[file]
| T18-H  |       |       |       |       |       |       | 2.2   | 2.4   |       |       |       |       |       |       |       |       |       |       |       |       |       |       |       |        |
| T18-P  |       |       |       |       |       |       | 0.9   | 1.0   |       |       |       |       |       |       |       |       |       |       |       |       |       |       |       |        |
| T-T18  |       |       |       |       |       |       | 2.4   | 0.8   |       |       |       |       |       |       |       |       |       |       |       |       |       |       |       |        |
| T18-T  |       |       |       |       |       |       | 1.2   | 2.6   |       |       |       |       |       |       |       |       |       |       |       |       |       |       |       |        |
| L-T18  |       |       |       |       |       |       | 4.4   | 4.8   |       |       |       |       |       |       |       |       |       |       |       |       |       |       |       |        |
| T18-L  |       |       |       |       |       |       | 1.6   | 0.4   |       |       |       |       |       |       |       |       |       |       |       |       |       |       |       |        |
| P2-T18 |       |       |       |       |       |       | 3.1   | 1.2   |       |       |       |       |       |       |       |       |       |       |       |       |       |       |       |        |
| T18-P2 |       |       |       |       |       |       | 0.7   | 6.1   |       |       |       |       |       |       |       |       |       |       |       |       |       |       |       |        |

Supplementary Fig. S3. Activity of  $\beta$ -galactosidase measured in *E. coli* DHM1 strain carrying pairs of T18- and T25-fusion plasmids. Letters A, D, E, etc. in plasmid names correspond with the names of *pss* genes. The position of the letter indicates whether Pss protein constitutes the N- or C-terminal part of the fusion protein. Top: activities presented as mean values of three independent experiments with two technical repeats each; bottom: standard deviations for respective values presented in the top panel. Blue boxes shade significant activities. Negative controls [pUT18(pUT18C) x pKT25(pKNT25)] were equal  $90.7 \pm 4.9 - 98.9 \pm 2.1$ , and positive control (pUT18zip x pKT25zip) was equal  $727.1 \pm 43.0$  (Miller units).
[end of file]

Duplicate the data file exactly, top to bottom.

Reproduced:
| T18-H  |       |       |       |       |       |       | 2.2   | 2.4   |       |       |       |       |       |       |       |       |       |       |       |       |       |       |       |        |
| T18-P  |       |       |       |       |       |       | 0.9   | 1.0   |       |       |       |       |       |       |       |       |       |       |       |       |       |       |       |        |
| T-T18  |       |       |       |       |       |       | 2.4   | 0.8   |       |       |       |       |       |       |       |       |       |       |       |       |       |       |       |        |
| T18-T  |       |       |       |       |       |       | 1.2   | 2.6   |       |       |       |       |       |       |       |       |       |       |       |       |       |       |       |        |
| L-T18  |       |       |       |       |       |       | 4.4   | 4.8   |       |       |       |       |       |       |       |       |       |       |       |       |       |       |       |        |
| T18-L  |       |       |       |       |       |       | 1.6   | 0.4   |       |       |       |       |       |       |       |       |       |       |       |       |       |       |       |        |
| P2-T18 |       |       |       |       |       |       | 3.1   | 1.2   |       |       |       |       |       |       |       |       |       |       |       |       |       |       |       |        |
| T18-P2 |       |       |       |       |       |       | 0.7   | 6.1   |       |       |       |       |       |       |       |       |       |       |       |       |       |       |       |        |

Supplementary Fig. S3. Activity of  $\beta$ -galactosidase measured in *E. coli* DHM1 strain carrying pairs of T18- and T25-fusion plasmids. Letters A, D, E, etc. in plasmid names correspond with the names of *pss* genes. The position of the letter indicates whether Pss protein constitutes the N- or C-terminal part of the fusion protein. Top: activities presented as mean values of three independent experiments with two technical repeats each; bottom: standard deviations for respective values presented in the top panel. Blue boxes shade significant activities. Negative controls [pUT18(pUT18C) x pKT25(pKNT25)] were equal  $90.7 \pm 4.9 - 98.9 \pm 2.1$ , and positive control (pUT18zip x pKT25zip) was equal  $727.1 \pm 43.0$  (Miller units).